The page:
Automatic Testing of Voice Networks Cuts Costs While Increasing Quality.
All those methods have been rendered obsolete for voice networks by automatic test systems that install as easily as a telephone, have superior capabilities, and sharply improve network quality while cutting costs.
The development of automatic circuit-testing systems could hardly be more timely. While private-network telecom managers have been busy since deregulation building in data capabilities and reducing system costs per minute with new transmission equipment and facilities, they now find that voice-circuit quality has declined.
In the new multi-vendor environment, end-to-end testing of the public-switched network and of its interfaces with the thousands of new private systems has become imperative.
Private-system managers find that fixing responsibility for a circuit or trunk problem among several vendors is a frustrating experience. They have also optimized their systems to such a degree that redundant circuitry is virtually non-existent. Therefore, the spillover onto more-expensive off-net facilities can be expensive if circuits are in poor condition. Also, the impact of ISDNs and SDNs must be considered.
As a result, many private telecom managers are now studying various testing methods to maximize usage of existing circuitry. Having purchased state-of-the-art PBXs, sophisticated billing systems and network-optimization software, they view automatic testing as low-cost quality insurance. Also, this new technology offers full payback in a matter of months, frees operators and technicians from testing involvement and, especially important, eliminates vendor hassling.
60 Private-System Test Results
A combined analysis of the initial test results in 60 private systems serviced by our Janus automatic dial-line analyzer indicated widespread private-system circuit problems.
These systems represent a cross-section of American industry. Their combined defective-circuit rate initially ranged from 10 to 27 percent. Subsequently, automatic testing reduced the rate to 2 to 5 percent in every instance, and kept it there.
In a 1,000-circuit network, which a single automatic console is capable of testing, the number of defective circuits can be reduced from 100 to 50 or less. Assuming an average 10 percent defect rate and a cost of $1,500 per circuit for a typical large network, a minimum of $75,000 would be saved by eliminating the need for 50 new circuits to achieve the same level of efficiency. That's several times the cost of such a testing system.
Also eliminated are the costs of testing man-hours for a technician, and the cost of overflows onto non-network facilities is reduced. A study showed that 150 hours of coast-to-coast WATS calls will cost $511 more than the equivalent hours of calls made on some OCCs that provide discount long-distance services. And if 150 hours of calls are forced over central-office trunks, they would cost $2,907 more.
The latest software-controlled, peripheral automatic-testing systems have three related components: Desktop or rack-mounted control consoles, which access the PBX in various ways; tone responders, which are accessed through dedicated tie lines or public-switched circuits; and optional trunk identification units (TIDs), which extend testing capabilities to include INWATS and direct inward dial (DID) lines.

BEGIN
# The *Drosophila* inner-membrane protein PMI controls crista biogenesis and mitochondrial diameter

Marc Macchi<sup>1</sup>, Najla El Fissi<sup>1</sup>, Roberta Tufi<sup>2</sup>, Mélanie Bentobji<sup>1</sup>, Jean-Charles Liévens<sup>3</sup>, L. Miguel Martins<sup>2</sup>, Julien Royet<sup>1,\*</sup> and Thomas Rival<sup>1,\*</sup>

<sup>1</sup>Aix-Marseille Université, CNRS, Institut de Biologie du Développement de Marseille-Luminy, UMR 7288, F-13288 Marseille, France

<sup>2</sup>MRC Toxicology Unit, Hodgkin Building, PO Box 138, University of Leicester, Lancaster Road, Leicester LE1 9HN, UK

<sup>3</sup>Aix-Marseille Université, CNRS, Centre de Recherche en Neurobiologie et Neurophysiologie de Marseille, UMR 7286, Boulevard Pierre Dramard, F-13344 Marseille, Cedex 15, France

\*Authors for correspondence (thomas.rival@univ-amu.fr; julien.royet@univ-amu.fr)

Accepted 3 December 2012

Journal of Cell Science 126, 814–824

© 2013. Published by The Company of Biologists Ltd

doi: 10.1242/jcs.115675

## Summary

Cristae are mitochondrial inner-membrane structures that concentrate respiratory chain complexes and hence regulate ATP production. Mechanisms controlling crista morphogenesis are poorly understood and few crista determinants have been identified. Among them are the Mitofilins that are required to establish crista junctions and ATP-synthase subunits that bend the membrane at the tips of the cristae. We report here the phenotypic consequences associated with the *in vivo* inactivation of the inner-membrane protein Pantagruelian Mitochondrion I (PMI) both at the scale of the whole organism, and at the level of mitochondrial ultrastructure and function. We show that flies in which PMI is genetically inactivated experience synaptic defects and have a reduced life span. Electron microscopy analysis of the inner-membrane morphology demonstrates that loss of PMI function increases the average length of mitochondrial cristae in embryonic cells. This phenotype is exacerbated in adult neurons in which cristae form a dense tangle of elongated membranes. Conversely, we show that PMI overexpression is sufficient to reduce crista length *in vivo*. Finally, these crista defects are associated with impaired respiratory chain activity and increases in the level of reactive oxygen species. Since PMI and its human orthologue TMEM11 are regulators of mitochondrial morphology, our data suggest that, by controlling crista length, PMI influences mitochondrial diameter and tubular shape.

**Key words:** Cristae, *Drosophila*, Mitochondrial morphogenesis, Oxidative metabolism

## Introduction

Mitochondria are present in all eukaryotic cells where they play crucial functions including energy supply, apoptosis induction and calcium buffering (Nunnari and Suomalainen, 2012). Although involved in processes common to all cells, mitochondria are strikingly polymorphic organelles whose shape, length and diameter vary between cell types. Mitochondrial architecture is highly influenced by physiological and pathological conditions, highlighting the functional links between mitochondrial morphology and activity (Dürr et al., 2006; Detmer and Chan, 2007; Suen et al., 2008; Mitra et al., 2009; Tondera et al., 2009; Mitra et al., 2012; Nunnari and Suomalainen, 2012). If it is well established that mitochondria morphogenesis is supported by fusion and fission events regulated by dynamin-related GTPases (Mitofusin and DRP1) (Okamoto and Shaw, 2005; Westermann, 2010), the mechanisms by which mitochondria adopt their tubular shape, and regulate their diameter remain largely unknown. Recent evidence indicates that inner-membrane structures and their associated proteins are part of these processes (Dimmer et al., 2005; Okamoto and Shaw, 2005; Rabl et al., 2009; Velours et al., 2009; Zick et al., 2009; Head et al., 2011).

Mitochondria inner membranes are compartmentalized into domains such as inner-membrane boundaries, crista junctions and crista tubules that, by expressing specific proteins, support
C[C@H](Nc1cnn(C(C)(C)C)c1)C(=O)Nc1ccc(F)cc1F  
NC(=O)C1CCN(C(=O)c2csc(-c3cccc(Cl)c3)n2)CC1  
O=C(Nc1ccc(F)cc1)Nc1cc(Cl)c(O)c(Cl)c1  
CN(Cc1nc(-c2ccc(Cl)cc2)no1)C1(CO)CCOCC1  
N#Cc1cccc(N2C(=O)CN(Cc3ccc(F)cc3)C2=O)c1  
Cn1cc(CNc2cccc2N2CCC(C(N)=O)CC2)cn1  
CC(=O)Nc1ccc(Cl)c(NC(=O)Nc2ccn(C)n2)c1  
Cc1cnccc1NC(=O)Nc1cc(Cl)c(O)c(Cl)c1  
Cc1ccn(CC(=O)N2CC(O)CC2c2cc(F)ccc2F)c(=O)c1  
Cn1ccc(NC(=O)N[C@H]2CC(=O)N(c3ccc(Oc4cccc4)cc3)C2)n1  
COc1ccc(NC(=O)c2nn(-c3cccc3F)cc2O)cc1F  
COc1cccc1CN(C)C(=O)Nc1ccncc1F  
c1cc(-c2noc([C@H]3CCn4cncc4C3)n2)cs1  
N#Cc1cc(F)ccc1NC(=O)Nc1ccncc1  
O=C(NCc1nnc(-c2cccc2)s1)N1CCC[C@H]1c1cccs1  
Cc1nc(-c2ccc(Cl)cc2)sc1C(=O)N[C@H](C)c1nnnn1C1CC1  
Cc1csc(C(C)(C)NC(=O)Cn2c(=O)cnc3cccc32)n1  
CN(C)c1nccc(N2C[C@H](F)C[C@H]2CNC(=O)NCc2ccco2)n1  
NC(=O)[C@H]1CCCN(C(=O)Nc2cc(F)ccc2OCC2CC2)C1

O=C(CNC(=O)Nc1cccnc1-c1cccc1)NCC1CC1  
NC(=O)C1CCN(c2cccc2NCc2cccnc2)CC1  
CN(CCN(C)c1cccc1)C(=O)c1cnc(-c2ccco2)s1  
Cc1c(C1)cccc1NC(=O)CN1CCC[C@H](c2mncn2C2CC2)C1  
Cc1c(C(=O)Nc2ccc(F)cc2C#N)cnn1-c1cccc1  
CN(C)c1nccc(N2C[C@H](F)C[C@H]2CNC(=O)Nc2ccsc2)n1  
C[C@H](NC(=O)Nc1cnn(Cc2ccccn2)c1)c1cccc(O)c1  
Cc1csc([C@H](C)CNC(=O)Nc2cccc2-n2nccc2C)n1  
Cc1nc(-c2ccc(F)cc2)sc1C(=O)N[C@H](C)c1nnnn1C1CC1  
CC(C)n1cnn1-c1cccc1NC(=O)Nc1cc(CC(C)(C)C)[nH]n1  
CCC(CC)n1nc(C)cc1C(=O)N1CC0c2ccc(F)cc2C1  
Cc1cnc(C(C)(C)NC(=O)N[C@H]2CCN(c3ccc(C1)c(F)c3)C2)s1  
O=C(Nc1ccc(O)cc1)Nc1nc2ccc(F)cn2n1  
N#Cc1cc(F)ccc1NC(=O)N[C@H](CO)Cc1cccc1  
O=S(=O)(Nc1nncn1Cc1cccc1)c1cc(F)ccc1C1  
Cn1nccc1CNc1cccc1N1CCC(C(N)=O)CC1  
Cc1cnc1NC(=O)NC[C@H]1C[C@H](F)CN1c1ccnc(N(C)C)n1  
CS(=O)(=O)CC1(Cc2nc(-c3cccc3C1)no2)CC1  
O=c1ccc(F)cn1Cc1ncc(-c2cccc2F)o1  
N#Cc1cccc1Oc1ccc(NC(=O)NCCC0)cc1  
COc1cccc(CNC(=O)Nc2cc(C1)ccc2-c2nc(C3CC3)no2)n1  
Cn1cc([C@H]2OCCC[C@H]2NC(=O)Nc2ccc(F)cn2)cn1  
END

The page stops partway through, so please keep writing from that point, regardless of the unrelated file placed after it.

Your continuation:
Consoles vary in capability, depending on whether they are for single-location users or for large multi-nodal networks. SMaller consoles test up to 200 circuits with a tone responder.
In addition to testing for two-way level and noise, echo-return measurements and singing-return loss like their smaller cousins, the larger systems should also be expected to report peak-to-average ratio, which will determine the suitability of voice lines for data transmission.
The trunk identification unit is a peripheral component that's particularly valuable when merchant or service ordering by phone is critical, and must be prompt because of a competitive situation. The TIDs help because they allow testing of DID and INWWATs trunks that are not directly accessible from a PBX or switch. ACD users are also interested in the TIDs because the testing of inbound circuits is critical to their business.
Printout Option Is Available
Generally, it takes a day's training for users to understand what they are reading and to operate the system. For simplicity, the option of printouts on out-of-spec or down circuits is often preferred. The advantage of a full report, however, is that preventive reporting to the proper vendor may be accomplished before a circuit actually breaks the test boundaries. While this takes more staff reading time, it keeps circuit conditions at the highest-possible level of their operating efficiency.
At prices ranging as low as $12,000 for single-location telecommunications systems, automatic network testing is the most-economical solution to circuit problems. It pinpoints deficiencies before the complaints roll in, or worse, before the automatic routing system deflects too many calls outside the network, which are not discovered until telco bills arrive.
Automatic testing allows the telecom manager and his vendors to agree on acceptable standards of performance and provides written documentation that avoids hassling between them. If all the expensive components of the network function properly, it reduces dependence on telcos and OCCs for diagnostics and frees internal staff from testing chores. After a short payback period, automatic testing begins to make a real dent in total facilities costs.
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|Date:||Feb 1, 1986|
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